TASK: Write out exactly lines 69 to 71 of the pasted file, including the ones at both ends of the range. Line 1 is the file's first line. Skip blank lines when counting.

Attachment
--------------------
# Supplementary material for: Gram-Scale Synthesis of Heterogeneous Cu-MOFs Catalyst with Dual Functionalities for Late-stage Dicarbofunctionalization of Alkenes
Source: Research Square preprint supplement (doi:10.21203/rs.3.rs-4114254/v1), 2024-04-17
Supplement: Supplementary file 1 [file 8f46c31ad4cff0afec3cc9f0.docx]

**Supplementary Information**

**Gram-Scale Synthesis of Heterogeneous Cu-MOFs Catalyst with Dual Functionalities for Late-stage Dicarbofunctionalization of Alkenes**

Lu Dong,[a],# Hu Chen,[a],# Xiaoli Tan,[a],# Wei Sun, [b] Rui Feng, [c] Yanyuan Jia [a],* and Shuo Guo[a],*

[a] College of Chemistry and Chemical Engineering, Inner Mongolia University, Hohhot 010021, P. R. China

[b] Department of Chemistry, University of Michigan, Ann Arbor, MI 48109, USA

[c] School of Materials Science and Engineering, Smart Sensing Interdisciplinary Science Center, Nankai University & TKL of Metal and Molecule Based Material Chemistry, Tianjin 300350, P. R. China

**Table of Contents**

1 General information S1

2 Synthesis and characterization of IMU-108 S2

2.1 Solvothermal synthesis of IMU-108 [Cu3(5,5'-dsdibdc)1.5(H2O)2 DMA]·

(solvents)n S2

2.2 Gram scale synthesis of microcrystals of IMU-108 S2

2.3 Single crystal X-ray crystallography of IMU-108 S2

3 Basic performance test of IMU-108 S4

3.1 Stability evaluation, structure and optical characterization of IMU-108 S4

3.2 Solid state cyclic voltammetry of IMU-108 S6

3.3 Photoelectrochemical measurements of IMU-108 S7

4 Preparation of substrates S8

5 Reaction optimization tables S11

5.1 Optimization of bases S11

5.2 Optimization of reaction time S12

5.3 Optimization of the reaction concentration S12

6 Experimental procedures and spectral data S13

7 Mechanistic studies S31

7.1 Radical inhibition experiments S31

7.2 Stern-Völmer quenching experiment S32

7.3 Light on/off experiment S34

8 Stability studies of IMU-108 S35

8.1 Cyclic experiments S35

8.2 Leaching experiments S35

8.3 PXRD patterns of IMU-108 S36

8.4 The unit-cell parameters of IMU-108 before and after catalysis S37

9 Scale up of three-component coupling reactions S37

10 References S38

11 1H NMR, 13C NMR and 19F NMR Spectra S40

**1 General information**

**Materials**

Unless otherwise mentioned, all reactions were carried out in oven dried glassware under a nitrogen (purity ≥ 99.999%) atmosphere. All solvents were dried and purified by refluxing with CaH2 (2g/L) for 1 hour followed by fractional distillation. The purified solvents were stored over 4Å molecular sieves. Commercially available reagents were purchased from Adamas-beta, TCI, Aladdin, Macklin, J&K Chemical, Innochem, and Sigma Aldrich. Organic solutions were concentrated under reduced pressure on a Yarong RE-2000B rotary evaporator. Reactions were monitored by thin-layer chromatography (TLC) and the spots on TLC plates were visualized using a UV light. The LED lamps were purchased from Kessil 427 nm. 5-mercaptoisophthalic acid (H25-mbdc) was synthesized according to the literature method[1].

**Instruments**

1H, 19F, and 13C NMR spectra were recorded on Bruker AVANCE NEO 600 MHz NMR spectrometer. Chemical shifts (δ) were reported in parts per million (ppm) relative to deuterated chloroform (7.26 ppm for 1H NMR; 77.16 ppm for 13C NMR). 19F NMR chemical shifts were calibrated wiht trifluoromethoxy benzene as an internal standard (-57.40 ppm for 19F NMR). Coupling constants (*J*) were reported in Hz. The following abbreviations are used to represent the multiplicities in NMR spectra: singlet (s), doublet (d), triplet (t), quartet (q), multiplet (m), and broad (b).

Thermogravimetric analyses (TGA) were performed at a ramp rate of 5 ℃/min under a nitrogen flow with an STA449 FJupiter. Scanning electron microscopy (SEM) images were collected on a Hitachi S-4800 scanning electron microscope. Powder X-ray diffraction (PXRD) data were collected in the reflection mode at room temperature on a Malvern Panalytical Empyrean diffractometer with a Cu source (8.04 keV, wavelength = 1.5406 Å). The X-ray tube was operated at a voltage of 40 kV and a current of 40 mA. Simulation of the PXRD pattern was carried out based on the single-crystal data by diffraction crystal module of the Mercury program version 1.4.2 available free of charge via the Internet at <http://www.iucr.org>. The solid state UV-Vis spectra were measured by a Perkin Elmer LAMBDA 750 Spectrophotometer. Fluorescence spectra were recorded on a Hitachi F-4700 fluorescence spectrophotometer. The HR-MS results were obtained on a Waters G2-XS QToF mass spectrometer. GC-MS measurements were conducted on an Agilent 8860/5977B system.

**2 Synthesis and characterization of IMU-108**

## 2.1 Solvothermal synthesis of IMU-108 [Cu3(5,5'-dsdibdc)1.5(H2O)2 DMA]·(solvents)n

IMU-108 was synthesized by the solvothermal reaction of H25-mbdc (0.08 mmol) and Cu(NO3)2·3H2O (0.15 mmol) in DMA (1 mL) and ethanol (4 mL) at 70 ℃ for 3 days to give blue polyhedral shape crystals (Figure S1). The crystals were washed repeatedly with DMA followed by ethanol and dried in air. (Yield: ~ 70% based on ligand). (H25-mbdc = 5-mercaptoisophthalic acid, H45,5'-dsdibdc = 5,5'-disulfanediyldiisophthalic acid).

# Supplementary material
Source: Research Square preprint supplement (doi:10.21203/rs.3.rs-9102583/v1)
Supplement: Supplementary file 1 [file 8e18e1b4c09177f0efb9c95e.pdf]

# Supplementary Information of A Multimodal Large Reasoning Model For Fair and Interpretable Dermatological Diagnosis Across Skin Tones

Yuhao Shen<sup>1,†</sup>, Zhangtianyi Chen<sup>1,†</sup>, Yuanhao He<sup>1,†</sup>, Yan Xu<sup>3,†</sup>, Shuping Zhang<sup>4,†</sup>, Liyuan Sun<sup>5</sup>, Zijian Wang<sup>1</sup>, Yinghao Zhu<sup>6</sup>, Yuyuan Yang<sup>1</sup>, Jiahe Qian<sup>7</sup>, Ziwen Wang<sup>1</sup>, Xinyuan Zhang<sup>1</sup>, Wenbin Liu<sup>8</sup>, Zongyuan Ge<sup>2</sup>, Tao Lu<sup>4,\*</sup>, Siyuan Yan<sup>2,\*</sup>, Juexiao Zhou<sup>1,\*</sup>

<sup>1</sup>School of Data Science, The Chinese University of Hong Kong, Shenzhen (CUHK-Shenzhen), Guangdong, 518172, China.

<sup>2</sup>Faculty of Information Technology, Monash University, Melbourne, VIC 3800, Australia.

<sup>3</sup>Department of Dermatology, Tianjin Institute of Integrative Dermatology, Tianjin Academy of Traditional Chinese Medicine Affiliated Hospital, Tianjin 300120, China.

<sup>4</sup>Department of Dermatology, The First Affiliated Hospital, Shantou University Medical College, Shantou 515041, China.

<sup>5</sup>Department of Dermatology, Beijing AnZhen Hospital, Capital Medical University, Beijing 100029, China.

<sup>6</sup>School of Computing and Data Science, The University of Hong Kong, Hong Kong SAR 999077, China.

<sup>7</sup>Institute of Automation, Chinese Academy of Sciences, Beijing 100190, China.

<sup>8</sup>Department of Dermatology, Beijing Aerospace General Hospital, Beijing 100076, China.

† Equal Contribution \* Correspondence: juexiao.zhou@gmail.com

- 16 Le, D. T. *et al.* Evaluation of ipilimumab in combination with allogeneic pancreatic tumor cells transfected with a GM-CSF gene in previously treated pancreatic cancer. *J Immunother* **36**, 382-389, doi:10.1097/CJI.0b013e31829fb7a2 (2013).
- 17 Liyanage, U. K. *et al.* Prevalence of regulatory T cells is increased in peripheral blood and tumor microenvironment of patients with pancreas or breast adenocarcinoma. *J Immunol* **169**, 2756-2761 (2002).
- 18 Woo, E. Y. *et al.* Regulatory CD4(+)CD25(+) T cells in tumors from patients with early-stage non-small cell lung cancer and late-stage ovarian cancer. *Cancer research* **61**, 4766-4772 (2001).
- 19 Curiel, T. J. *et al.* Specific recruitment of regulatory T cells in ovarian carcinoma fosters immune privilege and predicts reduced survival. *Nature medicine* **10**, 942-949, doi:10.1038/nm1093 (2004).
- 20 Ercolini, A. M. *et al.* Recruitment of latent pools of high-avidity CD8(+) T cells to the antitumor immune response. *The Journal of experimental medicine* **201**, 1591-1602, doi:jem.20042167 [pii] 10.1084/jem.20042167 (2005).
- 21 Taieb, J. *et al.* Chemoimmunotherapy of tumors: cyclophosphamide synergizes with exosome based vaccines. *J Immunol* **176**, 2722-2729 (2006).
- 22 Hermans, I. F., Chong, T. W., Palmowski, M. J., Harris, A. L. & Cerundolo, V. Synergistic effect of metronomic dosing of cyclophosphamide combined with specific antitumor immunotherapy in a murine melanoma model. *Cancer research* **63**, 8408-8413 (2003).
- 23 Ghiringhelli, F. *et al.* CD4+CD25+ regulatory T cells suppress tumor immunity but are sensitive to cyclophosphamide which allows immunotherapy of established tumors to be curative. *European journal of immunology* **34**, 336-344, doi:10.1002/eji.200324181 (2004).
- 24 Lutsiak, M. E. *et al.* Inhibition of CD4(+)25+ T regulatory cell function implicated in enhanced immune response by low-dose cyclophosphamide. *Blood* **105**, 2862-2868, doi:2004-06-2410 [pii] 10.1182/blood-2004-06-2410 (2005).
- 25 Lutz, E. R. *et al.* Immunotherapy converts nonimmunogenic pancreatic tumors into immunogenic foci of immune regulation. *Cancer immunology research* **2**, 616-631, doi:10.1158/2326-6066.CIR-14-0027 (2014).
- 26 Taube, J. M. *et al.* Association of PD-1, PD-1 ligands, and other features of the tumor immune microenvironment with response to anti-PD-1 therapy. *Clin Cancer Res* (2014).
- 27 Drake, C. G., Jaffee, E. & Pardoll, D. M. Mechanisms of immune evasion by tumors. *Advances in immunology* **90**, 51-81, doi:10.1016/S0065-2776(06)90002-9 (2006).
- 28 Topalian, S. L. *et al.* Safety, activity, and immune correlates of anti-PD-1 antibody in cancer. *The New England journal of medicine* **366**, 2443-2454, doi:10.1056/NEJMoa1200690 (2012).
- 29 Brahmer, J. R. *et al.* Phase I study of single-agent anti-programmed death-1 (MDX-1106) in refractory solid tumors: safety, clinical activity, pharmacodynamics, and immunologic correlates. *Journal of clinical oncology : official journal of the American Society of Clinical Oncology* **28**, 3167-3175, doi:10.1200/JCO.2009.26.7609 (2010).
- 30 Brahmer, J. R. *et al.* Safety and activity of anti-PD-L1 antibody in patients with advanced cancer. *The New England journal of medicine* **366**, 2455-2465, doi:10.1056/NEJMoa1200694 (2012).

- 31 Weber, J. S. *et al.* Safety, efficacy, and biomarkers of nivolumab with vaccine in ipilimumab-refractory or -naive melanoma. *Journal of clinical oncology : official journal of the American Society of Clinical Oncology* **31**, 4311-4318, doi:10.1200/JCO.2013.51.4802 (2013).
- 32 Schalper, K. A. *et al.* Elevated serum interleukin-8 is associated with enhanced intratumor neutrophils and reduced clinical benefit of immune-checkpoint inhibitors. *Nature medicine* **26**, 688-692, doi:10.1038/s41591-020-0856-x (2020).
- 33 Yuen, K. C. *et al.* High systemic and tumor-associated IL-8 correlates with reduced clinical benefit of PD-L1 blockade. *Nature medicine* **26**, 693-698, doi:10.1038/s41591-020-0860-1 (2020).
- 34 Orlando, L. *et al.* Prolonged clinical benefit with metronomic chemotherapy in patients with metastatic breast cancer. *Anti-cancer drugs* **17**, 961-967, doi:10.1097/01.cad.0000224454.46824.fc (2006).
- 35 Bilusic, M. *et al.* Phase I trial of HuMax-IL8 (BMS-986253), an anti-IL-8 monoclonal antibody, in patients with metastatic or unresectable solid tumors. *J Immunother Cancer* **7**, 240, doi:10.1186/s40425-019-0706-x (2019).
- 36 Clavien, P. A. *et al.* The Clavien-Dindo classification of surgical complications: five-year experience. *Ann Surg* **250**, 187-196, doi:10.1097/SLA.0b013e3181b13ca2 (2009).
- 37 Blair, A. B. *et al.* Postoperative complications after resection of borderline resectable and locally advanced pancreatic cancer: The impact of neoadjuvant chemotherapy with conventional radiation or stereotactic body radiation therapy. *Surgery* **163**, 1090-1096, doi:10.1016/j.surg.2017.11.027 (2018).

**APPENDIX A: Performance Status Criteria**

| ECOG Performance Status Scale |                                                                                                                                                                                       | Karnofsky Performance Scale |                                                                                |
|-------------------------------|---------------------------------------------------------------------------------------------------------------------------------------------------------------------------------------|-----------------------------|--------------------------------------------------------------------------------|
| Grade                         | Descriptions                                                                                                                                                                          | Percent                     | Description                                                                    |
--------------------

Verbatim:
- 23 Ghiringhelli, F. *et al.* CD4+CD25+ regulatory T cells suppress tumor immunity but are sensitive to cyclophosphamide which allows immunotherapy of established tumors to be curative. *European journal of immunology* **34**, 336-344, doi:10.1002/eji.200324181 (2004).
- 24 Lutsiak, M. E. *et al.* Inhibition of CD4(+)25+ T regulatory cell function implicated in enhanced immune response by low-dose cyclophosphamide. *Blood* **105**, 2862-2868, doi:2004-06-2410 [pii] 10.1182/blood-2004-06-2410 (2005).
- 25 Lutz, E. R. *et al.* Immunotherapy converts nonimmunogenic pancreatic tumors into immunogenic foci of immune regulation. *Cancer immunology research* **2**, 616-631, doi:10.1158/2326-6066.CIR-14-0027 (2014).